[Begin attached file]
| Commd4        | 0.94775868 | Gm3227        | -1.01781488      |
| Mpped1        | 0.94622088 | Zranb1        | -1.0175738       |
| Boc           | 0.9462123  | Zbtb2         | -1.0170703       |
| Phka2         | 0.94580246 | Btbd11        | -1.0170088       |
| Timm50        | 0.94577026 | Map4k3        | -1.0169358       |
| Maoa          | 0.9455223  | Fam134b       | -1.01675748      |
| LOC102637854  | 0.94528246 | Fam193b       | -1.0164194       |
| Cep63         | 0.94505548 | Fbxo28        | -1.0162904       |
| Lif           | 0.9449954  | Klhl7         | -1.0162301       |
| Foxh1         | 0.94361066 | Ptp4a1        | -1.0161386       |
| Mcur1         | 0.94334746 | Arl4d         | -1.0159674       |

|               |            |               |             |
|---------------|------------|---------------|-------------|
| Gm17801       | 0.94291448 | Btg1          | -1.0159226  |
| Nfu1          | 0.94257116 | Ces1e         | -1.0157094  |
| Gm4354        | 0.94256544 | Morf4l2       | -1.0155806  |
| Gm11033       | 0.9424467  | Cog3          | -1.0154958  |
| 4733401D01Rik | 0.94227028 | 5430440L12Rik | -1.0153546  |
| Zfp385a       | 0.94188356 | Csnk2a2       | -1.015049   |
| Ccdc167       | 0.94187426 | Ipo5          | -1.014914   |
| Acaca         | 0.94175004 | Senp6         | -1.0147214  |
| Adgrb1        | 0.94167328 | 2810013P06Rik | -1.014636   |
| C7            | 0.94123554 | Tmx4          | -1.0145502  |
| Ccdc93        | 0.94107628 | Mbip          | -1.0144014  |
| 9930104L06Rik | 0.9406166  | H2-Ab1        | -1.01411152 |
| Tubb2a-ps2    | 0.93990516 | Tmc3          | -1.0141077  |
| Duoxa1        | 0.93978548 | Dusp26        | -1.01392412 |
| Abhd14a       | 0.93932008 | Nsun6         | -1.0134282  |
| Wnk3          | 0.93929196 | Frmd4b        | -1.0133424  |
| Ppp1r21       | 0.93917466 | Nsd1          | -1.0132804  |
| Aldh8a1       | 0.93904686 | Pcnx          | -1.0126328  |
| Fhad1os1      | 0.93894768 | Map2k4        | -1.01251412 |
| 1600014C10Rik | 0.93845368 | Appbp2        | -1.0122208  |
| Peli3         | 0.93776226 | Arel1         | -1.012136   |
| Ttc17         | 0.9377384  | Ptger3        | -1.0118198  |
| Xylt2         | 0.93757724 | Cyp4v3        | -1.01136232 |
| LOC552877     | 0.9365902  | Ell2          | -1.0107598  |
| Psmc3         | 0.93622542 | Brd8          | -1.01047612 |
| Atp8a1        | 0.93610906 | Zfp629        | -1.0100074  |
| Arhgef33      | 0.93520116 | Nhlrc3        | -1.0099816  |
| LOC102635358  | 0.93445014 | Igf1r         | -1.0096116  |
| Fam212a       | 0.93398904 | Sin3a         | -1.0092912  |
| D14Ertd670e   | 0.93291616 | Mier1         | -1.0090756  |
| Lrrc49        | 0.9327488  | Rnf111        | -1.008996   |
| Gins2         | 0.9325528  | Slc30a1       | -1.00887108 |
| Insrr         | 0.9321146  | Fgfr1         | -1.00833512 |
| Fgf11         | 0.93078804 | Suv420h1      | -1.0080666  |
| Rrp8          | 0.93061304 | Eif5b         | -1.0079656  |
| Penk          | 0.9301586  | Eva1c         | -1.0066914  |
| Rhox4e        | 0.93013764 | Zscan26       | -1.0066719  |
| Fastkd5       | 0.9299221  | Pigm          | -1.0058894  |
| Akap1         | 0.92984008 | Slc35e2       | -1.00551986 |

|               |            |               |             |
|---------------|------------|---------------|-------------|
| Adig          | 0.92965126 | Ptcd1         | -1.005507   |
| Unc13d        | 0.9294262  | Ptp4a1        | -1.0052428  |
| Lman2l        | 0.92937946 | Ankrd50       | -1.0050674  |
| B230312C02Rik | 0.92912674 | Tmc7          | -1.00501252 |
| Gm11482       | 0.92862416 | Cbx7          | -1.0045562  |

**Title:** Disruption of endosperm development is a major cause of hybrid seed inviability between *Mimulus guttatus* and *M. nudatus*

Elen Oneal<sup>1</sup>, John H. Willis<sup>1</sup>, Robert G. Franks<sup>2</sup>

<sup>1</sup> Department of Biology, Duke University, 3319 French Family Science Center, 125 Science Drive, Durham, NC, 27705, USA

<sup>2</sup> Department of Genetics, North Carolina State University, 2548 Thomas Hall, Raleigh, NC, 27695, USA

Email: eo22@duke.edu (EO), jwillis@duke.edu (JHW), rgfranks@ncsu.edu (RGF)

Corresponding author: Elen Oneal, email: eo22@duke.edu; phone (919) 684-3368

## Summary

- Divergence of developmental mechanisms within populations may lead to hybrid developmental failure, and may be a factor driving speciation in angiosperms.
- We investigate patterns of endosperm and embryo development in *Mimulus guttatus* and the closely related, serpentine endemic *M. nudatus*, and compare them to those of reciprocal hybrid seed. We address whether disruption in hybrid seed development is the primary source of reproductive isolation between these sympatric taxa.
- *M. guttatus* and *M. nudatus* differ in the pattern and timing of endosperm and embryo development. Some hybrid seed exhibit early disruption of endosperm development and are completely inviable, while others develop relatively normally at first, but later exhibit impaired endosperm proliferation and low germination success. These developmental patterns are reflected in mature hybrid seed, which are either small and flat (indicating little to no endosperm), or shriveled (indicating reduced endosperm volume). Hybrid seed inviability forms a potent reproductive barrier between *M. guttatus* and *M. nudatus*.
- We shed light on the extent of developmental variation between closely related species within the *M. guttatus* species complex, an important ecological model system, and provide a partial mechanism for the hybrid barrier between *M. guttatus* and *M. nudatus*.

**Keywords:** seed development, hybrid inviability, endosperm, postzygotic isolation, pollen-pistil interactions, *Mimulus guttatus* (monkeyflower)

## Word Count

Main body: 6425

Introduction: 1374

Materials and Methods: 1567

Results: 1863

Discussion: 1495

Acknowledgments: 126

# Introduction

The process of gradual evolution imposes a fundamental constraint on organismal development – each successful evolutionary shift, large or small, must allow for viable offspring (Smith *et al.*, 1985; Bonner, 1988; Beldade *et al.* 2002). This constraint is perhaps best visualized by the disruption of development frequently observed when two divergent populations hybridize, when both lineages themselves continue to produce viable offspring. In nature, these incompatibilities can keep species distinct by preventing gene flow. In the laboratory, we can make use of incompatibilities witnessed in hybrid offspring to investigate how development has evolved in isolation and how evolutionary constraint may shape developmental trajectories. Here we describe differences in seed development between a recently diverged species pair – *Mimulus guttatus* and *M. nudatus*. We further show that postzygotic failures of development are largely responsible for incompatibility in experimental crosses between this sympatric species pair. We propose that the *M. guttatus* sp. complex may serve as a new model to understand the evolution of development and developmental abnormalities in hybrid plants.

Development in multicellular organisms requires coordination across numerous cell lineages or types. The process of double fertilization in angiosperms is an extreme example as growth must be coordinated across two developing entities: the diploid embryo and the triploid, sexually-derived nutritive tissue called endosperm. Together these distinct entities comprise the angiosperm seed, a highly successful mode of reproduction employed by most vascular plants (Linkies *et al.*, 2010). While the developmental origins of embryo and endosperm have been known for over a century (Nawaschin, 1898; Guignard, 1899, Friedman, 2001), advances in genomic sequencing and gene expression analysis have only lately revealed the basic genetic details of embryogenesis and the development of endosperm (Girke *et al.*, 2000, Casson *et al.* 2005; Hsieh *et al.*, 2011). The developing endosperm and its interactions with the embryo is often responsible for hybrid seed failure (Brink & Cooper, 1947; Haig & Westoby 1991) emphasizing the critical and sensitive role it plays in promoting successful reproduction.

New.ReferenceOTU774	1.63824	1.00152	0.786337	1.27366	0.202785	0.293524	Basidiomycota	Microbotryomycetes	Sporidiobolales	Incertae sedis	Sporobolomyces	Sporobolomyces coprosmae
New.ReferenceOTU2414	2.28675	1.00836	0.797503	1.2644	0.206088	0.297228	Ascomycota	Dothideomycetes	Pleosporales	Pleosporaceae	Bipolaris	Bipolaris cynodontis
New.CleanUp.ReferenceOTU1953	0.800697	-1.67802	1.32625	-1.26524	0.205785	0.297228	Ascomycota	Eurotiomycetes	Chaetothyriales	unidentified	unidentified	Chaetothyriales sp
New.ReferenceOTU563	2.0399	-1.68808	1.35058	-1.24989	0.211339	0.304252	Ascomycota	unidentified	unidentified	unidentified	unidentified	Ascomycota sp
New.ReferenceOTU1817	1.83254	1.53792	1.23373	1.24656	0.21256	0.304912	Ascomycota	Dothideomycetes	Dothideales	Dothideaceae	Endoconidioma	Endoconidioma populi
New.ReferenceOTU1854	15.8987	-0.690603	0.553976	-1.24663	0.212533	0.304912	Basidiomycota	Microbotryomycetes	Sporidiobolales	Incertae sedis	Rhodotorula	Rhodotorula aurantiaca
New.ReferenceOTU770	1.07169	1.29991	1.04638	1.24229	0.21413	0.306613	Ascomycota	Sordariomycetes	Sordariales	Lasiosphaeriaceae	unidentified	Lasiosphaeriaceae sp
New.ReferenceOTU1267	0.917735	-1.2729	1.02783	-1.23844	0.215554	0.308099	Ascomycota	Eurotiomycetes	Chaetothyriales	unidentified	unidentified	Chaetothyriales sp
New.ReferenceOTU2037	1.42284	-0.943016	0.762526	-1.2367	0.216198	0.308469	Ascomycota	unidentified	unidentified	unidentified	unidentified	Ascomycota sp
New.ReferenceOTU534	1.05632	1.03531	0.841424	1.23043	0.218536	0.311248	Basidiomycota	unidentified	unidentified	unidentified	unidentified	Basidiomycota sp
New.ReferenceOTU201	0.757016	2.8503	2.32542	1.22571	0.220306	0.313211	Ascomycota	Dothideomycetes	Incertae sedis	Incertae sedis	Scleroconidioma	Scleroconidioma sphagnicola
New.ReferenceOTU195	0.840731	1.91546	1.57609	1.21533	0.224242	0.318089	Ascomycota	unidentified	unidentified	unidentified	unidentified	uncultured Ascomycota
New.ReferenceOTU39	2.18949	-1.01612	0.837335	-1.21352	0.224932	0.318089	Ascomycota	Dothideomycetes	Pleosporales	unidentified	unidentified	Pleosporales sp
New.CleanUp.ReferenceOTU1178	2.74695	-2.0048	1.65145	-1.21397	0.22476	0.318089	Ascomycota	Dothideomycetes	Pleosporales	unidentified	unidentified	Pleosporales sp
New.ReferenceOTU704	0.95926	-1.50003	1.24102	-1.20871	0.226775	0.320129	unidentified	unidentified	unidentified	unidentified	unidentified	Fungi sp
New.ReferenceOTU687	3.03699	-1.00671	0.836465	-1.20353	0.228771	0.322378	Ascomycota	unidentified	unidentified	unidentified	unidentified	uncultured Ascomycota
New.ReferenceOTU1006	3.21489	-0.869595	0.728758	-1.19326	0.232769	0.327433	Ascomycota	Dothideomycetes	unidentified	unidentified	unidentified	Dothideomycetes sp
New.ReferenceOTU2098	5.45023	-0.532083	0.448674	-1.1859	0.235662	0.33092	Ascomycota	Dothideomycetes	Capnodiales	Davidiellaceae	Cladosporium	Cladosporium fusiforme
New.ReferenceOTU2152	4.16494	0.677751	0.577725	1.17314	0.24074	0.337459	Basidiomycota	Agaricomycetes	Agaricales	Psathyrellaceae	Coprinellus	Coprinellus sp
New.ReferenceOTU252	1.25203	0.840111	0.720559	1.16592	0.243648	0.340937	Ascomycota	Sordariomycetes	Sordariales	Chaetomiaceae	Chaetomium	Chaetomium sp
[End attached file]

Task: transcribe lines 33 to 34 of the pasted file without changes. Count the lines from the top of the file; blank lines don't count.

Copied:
| 1600014C10Rik | 0.93845368 | Appbp2        | -1.0122208  |
| Peli3         | 0.93776226 | Arel1         | -1.012136   |